Monday, November 14, 2005

MMO Essays: Why can't men be more like women? By Nandini Pandya

MMO Essays: Why can't men be more like women? By Nandini Pandya. This is a terrific piece ruminating on the costs and benefits of care-giving, talking especially about the ways women are differentially paying the costs. She comes up with some suggestions for change, among them this one:

"Many women would gladly settle for 75 percent pay if they could work 75 percent of the 40 hour week. Creative flextime, and job sharing arrangements can make this a viable option. In fact, I know this can work, because I have been fortunate enough to work with managers (yes, most of them men) who have seen the benefit of having a committed, passionate, dedicated and oh-so-grateful employee even though she is available only 75 percent of the time."

As always there's great stuff at Mother's Movement Online. This essay by Nandini Pandya (which I found through a link from Miriam Peskowitz's blog) is smart and helpful.

And yet. Why does even smart, committed feminist Pandya assume that it's women who will want the flextime? Why not men working 75% time for 75% pay?

Right now I'm working 100% (or more) of 40 hours a week for 100% of the salary in our house. Mark would love part-time work, but if you think it's hard for women to negotiate that, try doing it as a man. And yet creative types like Mark are among the most likely to want part-time work in some ways: pay some bills, make some art, run some errands--it's the way his life really should be organized.

There's so much more over at MMO that I need to spend some time there myself now. I may be back with more about it later.

3 comments:

Sandra said...

I think the reason she assumes women would want it is because they would! Sure, some men would like it, but there are a lot more women than men who stay at home with kids and eventually see their careers shrivel and die.

Of course there are stay home dads, too, but how many of them are still home when the kids turn 12, 14, or 16? The number of women who actually lose their careers by dropping out "temporarily" is undoubtedly much, much higher than men.

Libby said...

Yes, I know, but I still think if there were social support for men staying home (part time, especially) they might want to, as well. How many men do you know who hate their jobs? Or who wish they had more time to spend at home, but can't because their jobs demand it? That's what I meant to say. "Stay at home dads" does indeed sound temporary, and most often is, but it might be more permanent if there were ways that we as a society supported that choice.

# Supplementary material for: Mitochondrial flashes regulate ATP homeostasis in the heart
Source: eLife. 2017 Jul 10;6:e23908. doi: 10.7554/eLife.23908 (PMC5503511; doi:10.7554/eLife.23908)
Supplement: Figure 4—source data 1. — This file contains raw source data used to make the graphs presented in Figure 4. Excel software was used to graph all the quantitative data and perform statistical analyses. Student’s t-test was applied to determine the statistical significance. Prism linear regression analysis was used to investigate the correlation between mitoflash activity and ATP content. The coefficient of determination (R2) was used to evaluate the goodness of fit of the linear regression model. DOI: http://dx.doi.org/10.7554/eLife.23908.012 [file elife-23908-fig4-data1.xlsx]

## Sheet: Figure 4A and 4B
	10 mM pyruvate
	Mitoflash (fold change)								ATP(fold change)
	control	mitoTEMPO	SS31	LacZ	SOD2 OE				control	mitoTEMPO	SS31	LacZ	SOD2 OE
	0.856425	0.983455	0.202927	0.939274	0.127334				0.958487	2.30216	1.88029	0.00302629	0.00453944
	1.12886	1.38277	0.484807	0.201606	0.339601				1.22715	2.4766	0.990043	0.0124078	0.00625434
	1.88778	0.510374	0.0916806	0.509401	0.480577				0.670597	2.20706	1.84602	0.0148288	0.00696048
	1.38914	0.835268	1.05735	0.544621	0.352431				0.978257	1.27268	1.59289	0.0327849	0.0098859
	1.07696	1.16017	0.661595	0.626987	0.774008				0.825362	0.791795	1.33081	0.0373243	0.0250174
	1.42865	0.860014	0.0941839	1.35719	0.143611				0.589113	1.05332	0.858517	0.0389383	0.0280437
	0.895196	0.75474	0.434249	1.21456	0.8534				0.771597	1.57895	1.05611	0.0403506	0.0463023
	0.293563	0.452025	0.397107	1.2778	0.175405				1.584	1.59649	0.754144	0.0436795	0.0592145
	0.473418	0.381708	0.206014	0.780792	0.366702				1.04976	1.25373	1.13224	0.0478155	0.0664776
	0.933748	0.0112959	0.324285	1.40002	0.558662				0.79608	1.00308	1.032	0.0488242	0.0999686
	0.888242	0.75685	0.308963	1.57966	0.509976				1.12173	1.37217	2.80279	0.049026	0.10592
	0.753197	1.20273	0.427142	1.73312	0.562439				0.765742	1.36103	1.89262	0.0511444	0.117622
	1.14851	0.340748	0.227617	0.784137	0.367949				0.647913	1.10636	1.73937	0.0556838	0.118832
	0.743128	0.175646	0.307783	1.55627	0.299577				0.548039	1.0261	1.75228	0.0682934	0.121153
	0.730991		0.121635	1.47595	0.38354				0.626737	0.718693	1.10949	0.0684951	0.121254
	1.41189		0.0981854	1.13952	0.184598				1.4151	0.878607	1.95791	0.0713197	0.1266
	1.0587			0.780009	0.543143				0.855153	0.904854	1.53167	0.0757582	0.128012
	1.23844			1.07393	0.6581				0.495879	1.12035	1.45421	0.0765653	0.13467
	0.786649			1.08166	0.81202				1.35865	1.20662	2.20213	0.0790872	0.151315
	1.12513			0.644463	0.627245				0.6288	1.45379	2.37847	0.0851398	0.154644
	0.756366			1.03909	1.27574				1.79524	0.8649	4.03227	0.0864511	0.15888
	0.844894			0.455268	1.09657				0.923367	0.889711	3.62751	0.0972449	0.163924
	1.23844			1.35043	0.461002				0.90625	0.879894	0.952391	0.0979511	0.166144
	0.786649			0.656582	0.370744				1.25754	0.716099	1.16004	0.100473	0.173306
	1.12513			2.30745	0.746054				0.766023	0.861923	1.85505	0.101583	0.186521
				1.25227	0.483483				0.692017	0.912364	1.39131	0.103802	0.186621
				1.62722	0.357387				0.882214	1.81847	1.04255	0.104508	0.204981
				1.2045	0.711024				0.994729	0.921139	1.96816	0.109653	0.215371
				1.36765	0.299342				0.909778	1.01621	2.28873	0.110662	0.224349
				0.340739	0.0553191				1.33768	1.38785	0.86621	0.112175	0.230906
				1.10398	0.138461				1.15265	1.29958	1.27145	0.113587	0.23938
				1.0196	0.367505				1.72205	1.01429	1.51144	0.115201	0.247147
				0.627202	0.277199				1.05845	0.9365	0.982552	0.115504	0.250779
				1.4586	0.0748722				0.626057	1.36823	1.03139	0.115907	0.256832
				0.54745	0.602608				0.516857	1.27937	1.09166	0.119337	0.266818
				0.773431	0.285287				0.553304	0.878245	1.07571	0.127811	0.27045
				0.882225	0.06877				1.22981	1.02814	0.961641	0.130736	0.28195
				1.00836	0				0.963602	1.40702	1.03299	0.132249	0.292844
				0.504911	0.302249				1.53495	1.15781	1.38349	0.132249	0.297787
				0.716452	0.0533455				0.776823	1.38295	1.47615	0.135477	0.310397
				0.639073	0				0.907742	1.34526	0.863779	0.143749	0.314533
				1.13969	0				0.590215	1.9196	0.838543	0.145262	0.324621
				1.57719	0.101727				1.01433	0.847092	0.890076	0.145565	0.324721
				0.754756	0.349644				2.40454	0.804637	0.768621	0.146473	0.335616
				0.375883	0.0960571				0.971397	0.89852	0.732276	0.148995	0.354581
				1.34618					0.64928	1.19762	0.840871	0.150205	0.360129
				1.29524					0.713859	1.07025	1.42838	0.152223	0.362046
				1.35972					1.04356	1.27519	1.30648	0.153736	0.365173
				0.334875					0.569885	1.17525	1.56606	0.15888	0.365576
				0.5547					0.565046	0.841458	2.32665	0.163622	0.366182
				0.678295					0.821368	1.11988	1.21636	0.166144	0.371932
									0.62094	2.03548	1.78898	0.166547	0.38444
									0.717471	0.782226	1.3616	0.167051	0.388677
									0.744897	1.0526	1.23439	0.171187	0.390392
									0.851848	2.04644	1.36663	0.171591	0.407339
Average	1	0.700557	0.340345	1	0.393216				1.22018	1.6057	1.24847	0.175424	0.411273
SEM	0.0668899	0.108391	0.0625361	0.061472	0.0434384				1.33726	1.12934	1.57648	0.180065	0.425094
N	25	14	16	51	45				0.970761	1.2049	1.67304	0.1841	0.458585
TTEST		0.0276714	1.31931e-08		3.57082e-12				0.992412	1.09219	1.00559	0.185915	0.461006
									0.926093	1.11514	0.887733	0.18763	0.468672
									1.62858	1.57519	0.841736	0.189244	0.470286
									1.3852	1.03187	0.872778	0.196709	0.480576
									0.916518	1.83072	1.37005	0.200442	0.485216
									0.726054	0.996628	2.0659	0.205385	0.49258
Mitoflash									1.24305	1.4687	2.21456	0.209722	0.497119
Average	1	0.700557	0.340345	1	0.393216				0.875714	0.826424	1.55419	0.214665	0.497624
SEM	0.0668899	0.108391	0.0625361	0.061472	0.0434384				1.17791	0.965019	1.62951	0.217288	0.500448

zambuling said...

I agree that nothing has radicalized me more than becoming a mama. My husband and I both struggle against expectations for work and career, and our own desires for how to raise our children. I wanted to be the primary caretaker when they are young, but at the same time, not being able to pursue my intellectual interests during the light of day was driving me batty.

Three months ago I started a full-time academic position--one that still enables me to be flexibile. I can be with my kids two days a week (but I need to work most evenings and each day during the weekend to get my work done). And my husband relocated with me and told his company he wanted to work 3 days. They were supportive (but with the understanding that this was temporary). It's been wonderful for his relationship with the kids, our relationship (I am still so giddy at having a real partner at home and with the kids).

I think it's the pressure that is put on people at work (both men and women) to NOT choose "flexibility" (parental leave options, flextime) over fear of harming their careers, that is responsible for the dearth of these options in our society. My husband just happens to be a valued employee and I happened to find an academic job where people don't blink when I bring my kid in to the office for meetings.